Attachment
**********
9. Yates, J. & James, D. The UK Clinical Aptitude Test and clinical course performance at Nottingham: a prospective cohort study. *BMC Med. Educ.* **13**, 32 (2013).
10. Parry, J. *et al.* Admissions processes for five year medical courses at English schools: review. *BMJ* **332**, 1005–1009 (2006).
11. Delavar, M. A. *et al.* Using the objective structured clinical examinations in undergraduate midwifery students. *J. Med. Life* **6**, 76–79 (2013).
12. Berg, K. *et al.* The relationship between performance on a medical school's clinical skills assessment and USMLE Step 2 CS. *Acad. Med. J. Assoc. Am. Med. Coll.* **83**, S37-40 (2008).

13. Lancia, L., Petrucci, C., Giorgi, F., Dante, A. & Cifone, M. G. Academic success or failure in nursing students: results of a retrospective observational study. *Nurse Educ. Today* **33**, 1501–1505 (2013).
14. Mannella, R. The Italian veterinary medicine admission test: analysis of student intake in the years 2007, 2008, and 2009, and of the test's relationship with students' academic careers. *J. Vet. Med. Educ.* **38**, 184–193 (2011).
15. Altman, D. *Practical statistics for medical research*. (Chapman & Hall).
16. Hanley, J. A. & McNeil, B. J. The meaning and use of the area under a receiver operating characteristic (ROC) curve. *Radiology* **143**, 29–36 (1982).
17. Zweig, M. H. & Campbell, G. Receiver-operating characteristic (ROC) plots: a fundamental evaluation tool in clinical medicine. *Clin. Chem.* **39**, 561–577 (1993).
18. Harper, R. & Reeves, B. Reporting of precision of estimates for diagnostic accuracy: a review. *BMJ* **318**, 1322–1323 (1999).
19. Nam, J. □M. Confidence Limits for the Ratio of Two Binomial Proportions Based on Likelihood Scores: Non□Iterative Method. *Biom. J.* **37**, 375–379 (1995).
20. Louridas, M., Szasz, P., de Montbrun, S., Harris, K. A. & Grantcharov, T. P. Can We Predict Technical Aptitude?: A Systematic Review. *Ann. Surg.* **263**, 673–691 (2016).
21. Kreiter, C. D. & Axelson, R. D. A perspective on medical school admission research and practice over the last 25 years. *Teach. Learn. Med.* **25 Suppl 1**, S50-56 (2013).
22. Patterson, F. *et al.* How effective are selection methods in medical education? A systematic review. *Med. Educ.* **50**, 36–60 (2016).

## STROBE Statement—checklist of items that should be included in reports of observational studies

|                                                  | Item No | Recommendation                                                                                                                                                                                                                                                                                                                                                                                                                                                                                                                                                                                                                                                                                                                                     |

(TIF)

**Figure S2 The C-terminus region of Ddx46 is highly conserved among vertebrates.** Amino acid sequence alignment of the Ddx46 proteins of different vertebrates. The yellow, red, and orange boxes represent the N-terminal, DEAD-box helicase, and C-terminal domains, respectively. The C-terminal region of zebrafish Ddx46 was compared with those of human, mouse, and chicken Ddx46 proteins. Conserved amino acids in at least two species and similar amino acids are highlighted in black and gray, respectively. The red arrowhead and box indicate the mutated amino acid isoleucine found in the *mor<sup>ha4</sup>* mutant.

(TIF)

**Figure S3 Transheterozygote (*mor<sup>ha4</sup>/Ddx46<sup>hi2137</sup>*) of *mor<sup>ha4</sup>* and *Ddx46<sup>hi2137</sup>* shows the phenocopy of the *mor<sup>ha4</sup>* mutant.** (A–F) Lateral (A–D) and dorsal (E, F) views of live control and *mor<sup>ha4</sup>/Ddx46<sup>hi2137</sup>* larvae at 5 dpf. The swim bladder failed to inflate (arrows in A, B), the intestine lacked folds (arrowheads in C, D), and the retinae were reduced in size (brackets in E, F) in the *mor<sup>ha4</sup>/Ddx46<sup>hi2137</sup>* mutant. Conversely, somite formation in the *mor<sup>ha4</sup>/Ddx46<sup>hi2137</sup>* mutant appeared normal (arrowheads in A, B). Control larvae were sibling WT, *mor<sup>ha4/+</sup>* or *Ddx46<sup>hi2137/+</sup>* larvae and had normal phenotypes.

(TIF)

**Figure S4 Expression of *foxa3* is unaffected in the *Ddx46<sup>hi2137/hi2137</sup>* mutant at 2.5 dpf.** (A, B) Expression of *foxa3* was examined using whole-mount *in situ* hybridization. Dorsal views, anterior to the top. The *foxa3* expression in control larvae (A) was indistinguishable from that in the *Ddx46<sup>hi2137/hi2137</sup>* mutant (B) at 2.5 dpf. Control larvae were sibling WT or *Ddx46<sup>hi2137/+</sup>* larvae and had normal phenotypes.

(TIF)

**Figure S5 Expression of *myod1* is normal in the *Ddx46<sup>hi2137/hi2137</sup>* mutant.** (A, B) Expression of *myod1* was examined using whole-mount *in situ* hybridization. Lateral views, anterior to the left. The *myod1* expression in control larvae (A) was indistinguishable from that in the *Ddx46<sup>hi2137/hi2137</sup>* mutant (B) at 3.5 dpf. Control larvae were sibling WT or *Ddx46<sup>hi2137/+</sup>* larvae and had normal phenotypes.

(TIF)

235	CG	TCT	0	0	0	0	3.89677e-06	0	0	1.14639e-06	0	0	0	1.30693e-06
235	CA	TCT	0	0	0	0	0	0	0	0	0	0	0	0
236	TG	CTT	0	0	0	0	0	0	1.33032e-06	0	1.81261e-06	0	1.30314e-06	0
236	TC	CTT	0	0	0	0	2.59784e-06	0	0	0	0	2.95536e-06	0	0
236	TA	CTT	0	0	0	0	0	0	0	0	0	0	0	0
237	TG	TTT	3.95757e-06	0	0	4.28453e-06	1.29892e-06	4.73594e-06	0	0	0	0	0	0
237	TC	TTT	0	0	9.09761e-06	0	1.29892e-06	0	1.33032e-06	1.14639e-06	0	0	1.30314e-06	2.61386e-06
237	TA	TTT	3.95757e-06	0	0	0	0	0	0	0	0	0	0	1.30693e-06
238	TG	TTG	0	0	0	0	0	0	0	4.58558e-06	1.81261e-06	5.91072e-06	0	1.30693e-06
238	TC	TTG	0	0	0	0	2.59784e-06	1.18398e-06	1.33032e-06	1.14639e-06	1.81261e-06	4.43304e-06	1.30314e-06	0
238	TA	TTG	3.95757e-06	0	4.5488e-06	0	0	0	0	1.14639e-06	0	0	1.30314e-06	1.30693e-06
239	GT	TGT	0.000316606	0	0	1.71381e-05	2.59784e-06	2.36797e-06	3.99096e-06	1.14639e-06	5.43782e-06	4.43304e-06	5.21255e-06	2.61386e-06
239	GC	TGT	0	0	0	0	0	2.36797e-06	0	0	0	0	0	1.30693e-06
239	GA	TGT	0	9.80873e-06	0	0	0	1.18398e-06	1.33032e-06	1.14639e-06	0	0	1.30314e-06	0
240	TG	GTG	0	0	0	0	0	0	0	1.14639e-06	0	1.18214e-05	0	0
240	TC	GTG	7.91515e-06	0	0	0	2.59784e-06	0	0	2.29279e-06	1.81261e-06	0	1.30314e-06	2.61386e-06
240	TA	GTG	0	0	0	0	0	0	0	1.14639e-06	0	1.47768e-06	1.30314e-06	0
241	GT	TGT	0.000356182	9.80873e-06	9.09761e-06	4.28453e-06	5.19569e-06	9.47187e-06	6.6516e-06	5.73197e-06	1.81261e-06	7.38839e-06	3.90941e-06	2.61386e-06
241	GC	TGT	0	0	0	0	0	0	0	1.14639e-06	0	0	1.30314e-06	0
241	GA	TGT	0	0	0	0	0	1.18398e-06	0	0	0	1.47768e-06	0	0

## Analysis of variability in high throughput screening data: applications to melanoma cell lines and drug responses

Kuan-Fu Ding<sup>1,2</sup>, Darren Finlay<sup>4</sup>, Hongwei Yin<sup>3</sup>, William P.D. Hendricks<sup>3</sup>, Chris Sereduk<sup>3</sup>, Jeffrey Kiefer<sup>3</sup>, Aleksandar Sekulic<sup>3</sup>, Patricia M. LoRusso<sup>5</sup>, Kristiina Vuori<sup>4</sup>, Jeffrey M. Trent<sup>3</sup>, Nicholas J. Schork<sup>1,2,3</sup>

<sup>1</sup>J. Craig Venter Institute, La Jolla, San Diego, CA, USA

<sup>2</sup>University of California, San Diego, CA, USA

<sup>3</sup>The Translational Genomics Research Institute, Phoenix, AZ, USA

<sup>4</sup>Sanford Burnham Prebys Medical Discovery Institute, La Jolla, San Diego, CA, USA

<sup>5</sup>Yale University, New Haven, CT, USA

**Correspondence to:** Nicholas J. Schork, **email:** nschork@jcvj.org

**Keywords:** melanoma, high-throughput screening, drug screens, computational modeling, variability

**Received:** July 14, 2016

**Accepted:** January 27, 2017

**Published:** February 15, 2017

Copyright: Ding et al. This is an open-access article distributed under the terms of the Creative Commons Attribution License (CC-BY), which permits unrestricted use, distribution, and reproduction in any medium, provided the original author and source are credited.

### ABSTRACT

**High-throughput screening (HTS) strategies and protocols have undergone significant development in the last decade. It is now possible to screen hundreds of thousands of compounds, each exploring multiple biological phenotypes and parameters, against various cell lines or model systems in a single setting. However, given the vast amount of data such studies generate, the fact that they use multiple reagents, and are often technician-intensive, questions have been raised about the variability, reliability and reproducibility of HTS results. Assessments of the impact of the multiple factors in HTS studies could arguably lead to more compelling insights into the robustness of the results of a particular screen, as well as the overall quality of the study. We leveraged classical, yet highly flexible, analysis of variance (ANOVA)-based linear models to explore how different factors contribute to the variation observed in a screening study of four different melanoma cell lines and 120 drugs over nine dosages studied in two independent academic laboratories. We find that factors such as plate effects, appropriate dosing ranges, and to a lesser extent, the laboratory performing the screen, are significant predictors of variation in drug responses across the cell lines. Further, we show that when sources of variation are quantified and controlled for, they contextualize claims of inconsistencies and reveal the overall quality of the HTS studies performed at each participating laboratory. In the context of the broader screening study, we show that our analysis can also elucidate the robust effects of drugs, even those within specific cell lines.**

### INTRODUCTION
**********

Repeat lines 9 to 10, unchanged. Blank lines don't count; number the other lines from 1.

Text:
17. Zweig, M. H. & Campbell, G. Receiver-operating characteristic (ROC) plots: a fundamental evaluation tool in clinical medicine. *Clin. Chem.* **39**, 561–577 (1993).
18. Harper, R. & Reeves, B. Reporting of precision of estimates for diagnostic accuracy: a review. *BMJ* **318**, 1322–1323 (1999).